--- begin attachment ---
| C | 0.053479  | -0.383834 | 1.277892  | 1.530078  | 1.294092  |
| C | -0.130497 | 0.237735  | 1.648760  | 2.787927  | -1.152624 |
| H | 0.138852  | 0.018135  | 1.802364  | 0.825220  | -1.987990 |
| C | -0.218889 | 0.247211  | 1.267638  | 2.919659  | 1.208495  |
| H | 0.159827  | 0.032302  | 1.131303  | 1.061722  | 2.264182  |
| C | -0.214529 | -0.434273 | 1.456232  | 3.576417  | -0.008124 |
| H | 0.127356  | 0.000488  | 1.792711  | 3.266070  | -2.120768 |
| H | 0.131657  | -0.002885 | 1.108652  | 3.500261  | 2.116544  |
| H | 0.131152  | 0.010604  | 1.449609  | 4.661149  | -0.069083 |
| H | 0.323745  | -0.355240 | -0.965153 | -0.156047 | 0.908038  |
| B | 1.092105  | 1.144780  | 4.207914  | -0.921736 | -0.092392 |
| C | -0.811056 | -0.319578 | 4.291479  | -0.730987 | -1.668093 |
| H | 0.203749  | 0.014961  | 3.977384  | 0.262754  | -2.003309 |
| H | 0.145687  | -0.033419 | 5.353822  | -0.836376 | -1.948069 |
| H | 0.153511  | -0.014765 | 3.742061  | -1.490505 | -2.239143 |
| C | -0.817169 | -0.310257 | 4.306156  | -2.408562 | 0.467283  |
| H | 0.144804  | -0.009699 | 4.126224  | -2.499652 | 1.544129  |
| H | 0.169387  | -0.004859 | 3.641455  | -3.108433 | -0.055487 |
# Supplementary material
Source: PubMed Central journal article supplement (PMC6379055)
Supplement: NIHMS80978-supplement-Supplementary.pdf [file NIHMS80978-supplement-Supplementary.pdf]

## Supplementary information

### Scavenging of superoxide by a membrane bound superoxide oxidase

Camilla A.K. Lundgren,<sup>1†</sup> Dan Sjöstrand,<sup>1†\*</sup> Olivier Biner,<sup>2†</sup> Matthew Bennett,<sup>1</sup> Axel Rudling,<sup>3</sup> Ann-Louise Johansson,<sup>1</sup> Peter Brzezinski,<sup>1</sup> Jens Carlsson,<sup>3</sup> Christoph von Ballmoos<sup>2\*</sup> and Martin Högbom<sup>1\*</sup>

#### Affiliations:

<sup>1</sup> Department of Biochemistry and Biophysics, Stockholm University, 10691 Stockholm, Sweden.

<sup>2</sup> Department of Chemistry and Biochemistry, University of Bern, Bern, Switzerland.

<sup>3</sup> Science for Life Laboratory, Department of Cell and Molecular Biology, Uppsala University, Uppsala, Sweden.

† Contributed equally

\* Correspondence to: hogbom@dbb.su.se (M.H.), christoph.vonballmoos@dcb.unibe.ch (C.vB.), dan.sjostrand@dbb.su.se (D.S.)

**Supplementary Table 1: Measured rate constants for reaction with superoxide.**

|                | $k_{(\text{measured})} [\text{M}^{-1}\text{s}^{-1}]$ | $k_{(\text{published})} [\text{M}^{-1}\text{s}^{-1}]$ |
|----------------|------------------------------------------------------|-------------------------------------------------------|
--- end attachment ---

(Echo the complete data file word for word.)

| C | 0.053479  | -0.383834 | 1.277892  | 1.530078  | 1.294092  |
| C | -0.130497 | 0.237735  | 1.648760  | 2.787927  | -1.152624 |
| H | 0.138852  | 0.018135  | 1.802364  | 0.825220  | -1.987990 |
| C | -0.218889 | 0.247211  | 1.267638  | 2.919659  | 1.208495  |
| H | 0.159827  | 0.032302  | 1.131303  | 1.061722  | 2.264182  |
| C | -0.214529 | -0.434273 | 1.456232  | 3.576417  | -0.008124 |
| H | 0.127356  | 0.000488  | 1.792711  | 3.266070  | -2.120768 |
| H | 0.131657  | -0.002885 | 1.108652  | 3.500261  | 2.116544  |
| H | 0.131152  | 0.010604  | 1.449609  | 4.661149  | -0.069083 |
| H | 0.323745  | -0.355240 | -0.965153 | -0.156047 | 0.908038  |
| B | 1.092105  | 1.144780  | 4.207914  | -0.921736 | -0.092392 |
| C | -0.811056 | -0.319578 | 4.291479  | -0.730987 | -1.668093 |
| H | 0.203749  | 0.014961  | 3.977384  | 0.262754  | -2.003309 |
| H | 0.145687  | -0.033419 | 5.353822  | -0.836376 | -1.948069 |
| H | 0.153511  | -0.014765 | 3.742061  | -1.490505 | -2.239143 |
| C | -0.817169 | -0.310257 | 4.306156  | -2.408562 | 0.467283  |
| H | 0.144804  | -0.009699 | 4.126224  | -2.499652 | 1.544129  |
| H | 0.169387  | -0.004859 | 3.641455  | -3.108433 | -0.055487 |
# Supplementary material
Source: PubMed Central journal article supplement (PMC6379055)
Supplement: NIHMS80978-supplement-Supplementary.pdf [file NIHMS80978-supplement-Supplementary.pdf]

## Supplementary information

### Scavenging of superoxide by a membrane bound superoxide oxidase

Camilla A.K. Lundgren,<sup>1†</sup> Dan Sjöstrand,<sup>1†\*</sup> Olivier Biner,<sup>2†</sup> Matthew Bennett,<sup>1</sup> Axel Rudling,<sup>3</sup> Ann-Louise Johansson,<sup>1</sup> Peter Brzezinski,<sup>1</sup> Jens Carlsson,<sup>3</sup> Christoph von Ballmoos<sup>2\*</sup> and Martin Högbom<sup>1\*</sup>

#### Affiliations:

<sup>1</sup> Department of Biochemistry and Biophysics, Stockholm University, 10691 Stockholm, Sweden.

<sup>2</sup> Department of Chemistry and Biochemistry, University of Bern, Bern, Switzerland.

<sup>3</sup> Science for Life Laboratory, Department of Cell and Molecular Biology, Uppsala University, Uppsala, Sweden.

† Contributed equally

\* Correspondence to: hogbom@dbb.su.se (M.H.), christoph.vonballmoos@dcb.unibe.ch (C.vB.), dan.sjostrand@dbb.su.se (D.S.)

**Supplementary Table 1: Measured rate constants for reaction with superoxide.**

|                | $k_{(\text{measured})} [\text{M}^{-1}\text{s}^{-1}]$ | $k_{(\text{published})} [\text{M}^{-1}\text{s}^{-1}]$ |
|----------------|------------------------------------------------------|-------------------------------------------------------|